Making the Most of Mobile Shopping: Where Should You Invest?

Making the Most of Mobile Shopping: Where Should You Invest?

2018 has confirmed that the rise of mobile shopping really is unstoppable. With consumers getting more and more comfortable shopping from their phones, it’s no exaggeration to say this channel is changing the face of eCommerce.

Mobile commerce more than doubled [since 2010], from 7% to 17%—and will likely soon surpass PC-based buying.

(PwC, Consumer Insights Survey 2018)

Catering to mobile shoppers is now a must for every retail business out there. But it’s not as simple as spend, spend, spend—achieving and tracking ROI from mobile requires a more sophisticated approach.

One Piece Of The Puzzle

It’s tough to understate the sheer scale of the growth opportunity that mobile eCommerce brings to the table. But it’s also just one piece of the puzzle: consumers don’t shop in silos, so retailers shouldn’t operate in them.

Simply pumping investment into mobile isn’t going to cut it.

Because while mobile usage is rising, conversions on the channel remain unimpressive—peaking at around half the conversion rate of desktop sessions in the UK last year (Smart Insights).

Some of that is down to users enjoying a better shopping experience on the more established desktop websites, sure. But there’s another story here…

“Improvements in mobile experiences over the past years haven’t impacted these figures, showing that smartphones are more popular as a device for browsing products, while desktop is preferred for transacting.”

*(Smart Insights)

“The reality is that online shoppers don’t expect to stick to mobile -or any single channel for their whole shopping experience”

That creates a headache for retailers expecting a simple ROI from mobile. Achieving and tracking the real returns from your mobile strategy means having the data systems and the operational set up in place to follow consumers across all the different channels they use.

Ultimately the rise of mobile makes providing a seamless customer experience across channels more important than ever. The retailers who invest in that ‘omnichannel’ approach to eCommerce are coming out on top in the new world of mobile shopping.

But of course, that doesn’t mean your business can’t make rapid improvements in your mobile operations…

1. Make Your Menus Simple

When even 32% of Digital Natives find mobile websites ‘aren’t easy to use’ (PwC), a simple and elegant user experience has to be your first priority.

Start with your menu displays.

Where a desktop user has the luxury of hovering to find out more, mobile users have to commit to a click—so make it crystal clear where each click will take them.

It’s why we recommend going through each item on your mobile menu, and asking “If I had never visited this site before, where would I expect to be taken if I clicked this option?”.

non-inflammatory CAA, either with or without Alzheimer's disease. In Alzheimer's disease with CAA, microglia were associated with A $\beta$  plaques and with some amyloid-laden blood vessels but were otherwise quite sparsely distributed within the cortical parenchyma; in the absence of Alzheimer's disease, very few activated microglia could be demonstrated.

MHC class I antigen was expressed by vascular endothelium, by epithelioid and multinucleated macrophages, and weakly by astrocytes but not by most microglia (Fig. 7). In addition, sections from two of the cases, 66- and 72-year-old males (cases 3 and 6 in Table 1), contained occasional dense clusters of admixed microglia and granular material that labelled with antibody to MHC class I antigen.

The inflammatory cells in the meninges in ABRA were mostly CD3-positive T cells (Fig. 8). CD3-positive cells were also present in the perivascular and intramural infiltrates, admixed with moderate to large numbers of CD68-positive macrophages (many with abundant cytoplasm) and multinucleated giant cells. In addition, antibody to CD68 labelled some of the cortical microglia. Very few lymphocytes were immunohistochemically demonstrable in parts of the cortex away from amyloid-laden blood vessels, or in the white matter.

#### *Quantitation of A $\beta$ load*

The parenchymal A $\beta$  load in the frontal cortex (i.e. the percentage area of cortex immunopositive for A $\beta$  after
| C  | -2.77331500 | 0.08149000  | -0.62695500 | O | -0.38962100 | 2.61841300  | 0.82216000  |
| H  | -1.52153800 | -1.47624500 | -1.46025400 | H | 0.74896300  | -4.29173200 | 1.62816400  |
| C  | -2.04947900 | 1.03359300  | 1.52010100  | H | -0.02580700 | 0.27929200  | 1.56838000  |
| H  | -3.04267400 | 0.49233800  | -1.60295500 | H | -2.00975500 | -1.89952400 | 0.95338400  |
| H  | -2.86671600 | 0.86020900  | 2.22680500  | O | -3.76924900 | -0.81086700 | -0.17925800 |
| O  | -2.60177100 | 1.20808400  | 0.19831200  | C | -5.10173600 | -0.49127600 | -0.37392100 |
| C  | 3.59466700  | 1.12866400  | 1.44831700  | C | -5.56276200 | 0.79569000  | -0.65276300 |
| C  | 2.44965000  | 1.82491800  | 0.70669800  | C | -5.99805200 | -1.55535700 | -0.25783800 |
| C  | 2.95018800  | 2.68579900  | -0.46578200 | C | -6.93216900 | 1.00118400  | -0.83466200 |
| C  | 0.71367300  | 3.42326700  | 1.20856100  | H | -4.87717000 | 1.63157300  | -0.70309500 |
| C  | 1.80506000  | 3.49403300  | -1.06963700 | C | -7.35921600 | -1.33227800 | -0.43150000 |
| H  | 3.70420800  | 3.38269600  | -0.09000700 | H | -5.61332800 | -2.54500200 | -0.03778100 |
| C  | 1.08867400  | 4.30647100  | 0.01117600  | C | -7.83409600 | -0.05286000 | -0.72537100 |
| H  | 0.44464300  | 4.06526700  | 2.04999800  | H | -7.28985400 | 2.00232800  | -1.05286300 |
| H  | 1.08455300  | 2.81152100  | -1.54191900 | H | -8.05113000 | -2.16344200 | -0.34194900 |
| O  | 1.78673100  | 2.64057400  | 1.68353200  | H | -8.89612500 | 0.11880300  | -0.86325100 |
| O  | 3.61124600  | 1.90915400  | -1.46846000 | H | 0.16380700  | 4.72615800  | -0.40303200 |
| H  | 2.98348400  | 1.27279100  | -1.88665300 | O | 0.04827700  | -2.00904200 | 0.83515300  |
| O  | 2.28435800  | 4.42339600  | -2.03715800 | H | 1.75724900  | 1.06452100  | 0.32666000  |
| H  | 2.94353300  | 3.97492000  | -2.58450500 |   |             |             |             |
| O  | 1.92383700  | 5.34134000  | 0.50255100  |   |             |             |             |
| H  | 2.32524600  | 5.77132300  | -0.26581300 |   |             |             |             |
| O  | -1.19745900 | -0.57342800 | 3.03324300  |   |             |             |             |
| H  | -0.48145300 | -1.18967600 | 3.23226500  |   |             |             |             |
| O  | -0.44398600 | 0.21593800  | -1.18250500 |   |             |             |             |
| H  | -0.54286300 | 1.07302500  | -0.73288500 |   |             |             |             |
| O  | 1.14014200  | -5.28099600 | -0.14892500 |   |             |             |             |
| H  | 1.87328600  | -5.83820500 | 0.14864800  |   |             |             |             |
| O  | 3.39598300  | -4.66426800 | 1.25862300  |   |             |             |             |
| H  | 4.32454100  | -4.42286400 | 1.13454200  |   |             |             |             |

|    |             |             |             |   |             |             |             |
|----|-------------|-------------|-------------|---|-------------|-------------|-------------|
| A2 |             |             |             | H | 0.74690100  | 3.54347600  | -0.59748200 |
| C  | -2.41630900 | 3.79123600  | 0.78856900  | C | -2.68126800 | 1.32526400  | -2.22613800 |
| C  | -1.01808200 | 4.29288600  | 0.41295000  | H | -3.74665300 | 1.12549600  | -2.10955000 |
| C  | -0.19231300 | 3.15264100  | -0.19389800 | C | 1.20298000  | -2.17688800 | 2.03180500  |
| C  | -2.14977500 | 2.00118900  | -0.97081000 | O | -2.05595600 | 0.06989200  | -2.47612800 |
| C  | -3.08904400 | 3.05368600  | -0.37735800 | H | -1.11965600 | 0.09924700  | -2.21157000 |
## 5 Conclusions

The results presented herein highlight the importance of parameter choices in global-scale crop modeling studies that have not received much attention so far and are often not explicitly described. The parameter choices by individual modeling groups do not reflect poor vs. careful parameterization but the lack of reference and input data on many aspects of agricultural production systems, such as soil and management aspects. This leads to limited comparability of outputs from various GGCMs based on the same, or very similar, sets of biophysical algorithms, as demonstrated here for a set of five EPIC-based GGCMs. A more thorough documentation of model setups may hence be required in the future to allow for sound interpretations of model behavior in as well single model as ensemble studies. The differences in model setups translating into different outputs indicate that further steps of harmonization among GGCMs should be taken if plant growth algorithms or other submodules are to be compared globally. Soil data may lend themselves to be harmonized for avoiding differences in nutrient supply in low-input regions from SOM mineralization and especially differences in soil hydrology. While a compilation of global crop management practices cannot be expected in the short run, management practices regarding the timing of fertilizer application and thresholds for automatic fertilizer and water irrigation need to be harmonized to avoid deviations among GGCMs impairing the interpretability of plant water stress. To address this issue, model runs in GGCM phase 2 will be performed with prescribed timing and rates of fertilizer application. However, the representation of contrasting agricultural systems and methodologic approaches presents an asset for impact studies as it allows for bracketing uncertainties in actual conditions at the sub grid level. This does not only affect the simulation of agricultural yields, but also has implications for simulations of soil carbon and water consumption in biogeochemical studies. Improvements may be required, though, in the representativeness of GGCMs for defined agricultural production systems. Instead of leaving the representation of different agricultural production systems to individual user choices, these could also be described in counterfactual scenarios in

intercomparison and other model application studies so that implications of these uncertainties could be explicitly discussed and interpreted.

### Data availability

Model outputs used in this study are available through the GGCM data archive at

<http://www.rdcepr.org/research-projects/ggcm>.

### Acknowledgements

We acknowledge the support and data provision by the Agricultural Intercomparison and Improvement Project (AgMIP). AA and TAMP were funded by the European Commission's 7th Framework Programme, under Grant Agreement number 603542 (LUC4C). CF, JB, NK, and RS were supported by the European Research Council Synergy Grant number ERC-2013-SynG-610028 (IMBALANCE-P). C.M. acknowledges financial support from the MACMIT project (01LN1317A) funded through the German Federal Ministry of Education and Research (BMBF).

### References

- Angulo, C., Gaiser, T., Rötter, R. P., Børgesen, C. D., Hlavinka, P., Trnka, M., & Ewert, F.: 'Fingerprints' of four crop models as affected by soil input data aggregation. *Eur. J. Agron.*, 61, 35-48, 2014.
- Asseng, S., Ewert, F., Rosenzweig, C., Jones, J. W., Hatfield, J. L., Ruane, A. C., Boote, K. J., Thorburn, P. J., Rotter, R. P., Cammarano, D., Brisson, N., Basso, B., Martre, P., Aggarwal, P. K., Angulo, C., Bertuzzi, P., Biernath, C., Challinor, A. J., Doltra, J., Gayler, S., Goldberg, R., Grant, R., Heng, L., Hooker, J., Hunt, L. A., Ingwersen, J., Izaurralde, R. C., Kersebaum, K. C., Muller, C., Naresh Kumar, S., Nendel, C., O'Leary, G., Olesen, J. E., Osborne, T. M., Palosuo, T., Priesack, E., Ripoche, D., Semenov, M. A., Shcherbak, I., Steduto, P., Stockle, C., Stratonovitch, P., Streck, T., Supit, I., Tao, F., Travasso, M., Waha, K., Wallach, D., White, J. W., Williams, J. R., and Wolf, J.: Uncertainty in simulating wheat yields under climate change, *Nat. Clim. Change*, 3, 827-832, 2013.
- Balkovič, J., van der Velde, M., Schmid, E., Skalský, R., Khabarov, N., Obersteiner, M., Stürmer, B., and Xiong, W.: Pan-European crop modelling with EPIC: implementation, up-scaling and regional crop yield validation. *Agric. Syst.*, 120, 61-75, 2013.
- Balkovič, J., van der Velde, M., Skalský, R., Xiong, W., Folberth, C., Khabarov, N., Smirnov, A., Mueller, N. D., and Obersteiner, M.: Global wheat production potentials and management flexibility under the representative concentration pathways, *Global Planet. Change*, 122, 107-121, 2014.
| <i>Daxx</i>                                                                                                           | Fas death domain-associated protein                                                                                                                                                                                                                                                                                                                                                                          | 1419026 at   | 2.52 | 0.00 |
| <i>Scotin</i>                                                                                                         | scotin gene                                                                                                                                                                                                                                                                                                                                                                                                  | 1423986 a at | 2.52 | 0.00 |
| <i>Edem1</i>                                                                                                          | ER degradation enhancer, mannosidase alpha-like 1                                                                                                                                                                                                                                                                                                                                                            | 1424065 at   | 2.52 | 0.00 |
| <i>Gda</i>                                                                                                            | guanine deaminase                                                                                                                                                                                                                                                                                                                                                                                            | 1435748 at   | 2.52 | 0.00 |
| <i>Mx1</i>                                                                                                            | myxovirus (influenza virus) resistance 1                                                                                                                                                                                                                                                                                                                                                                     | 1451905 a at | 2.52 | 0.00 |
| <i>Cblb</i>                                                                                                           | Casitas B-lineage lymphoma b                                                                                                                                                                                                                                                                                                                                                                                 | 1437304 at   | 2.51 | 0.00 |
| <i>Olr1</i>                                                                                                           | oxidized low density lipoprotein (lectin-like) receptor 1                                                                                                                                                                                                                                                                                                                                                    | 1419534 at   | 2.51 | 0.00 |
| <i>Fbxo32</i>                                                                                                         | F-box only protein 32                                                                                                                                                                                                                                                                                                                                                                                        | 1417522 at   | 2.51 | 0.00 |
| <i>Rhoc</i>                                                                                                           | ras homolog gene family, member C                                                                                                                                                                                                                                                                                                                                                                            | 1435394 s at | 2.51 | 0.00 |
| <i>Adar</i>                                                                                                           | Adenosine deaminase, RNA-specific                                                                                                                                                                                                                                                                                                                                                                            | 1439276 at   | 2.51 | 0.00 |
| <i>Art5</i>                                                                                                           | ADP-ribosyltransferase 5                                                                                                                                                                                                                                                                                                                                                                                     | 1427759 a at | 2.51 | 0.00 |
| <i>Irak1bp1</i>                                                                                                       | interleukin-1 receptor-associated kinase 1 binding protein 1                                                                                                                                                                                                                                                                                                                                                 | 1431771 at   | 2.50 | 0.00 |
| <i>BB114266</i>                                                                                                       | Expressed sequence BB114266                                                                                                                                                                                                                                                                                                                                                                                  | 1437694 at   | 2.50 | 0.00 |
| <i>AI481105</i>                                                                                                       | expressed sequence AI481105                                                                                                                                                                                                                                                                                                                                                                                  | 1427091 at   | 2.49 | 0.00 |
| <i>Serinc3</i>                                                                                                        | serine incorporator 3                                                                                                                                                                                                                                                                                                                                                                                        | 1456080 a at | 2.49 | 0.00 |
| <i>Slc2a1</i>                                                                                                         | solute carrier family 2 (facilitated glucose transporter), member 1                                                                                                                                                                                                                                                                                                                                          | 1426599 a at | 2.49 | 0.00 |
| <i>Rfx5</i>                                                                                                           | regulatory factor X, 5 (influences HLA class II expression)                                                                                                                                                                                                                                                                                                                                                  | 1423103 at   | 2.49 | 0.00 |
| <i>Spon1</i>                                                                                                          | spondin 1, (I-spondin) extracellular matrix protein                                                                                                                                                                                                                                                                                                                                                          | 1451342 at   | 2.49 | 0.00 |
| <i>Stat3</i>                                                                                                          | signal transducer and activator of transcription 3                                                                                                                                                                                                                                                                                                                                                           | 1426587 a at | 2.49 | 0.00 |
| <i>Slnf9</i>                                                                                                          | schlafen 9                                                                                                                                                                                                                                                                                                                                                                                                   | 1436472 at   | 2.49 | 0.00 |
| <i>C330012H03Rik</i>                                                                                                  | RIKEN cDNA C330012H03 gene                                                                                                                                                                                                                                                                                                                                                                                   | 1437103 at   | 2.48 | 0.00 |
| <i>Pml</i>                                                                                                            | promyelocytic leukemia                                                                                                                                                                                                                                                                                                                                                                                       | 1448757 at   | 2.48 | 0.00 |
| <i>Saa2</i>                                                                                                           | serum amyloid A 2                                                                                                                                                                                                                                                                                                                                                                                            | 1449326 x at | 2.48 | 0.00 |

You can also cut clutter with the type of menu you display, explains our own Stephanie Fenton (SEO and Social Media Consultant).

“A great way to shorten menus without losing options is to add in a concertina menu so that the user can narrow down and get to the most relevant page.”

2. Minimise User Input

Filling out long forms on a mobile device is a serious chore, and it’s a huge cause of frustration among mobile shoppers. Make sure your website does the hard work, not your customers.

The fastest way to do that is integrating digital wallets and payment services. Thanks to the likes of PayPal and Apple Pay, consumers can dodge irritating data entry and hand over their cash in an instant.

“Making things as clear as possible for the user is at the heart of mobile optimisation” 

But sometimes there’s just no getting around it. Users will eventually need to fill in a form. 

In this case, add all the shortcuts you can—look to drop down menus rather than manual entry, real-time error messages that prevent them submitting an incorrect form, and always provide the correct input method, like a number pad for a required phone number. 

Making things as clear as possible for the user is at the heart of mobile optimisation. Just don’t get carried away…

3. Keep Your Options Open

There’s a common misconception in mobile design—that mobile shoppers are always in a manic rush to convert, and they need the minimum possible navigation options.

But like we saw, mobile shoppers aren’t always in a manic rush. Sometimes they’re more likely to be looking for a little research and inspiration from the sofa. (Take a look at your user behaviour in Google Analytics and find out).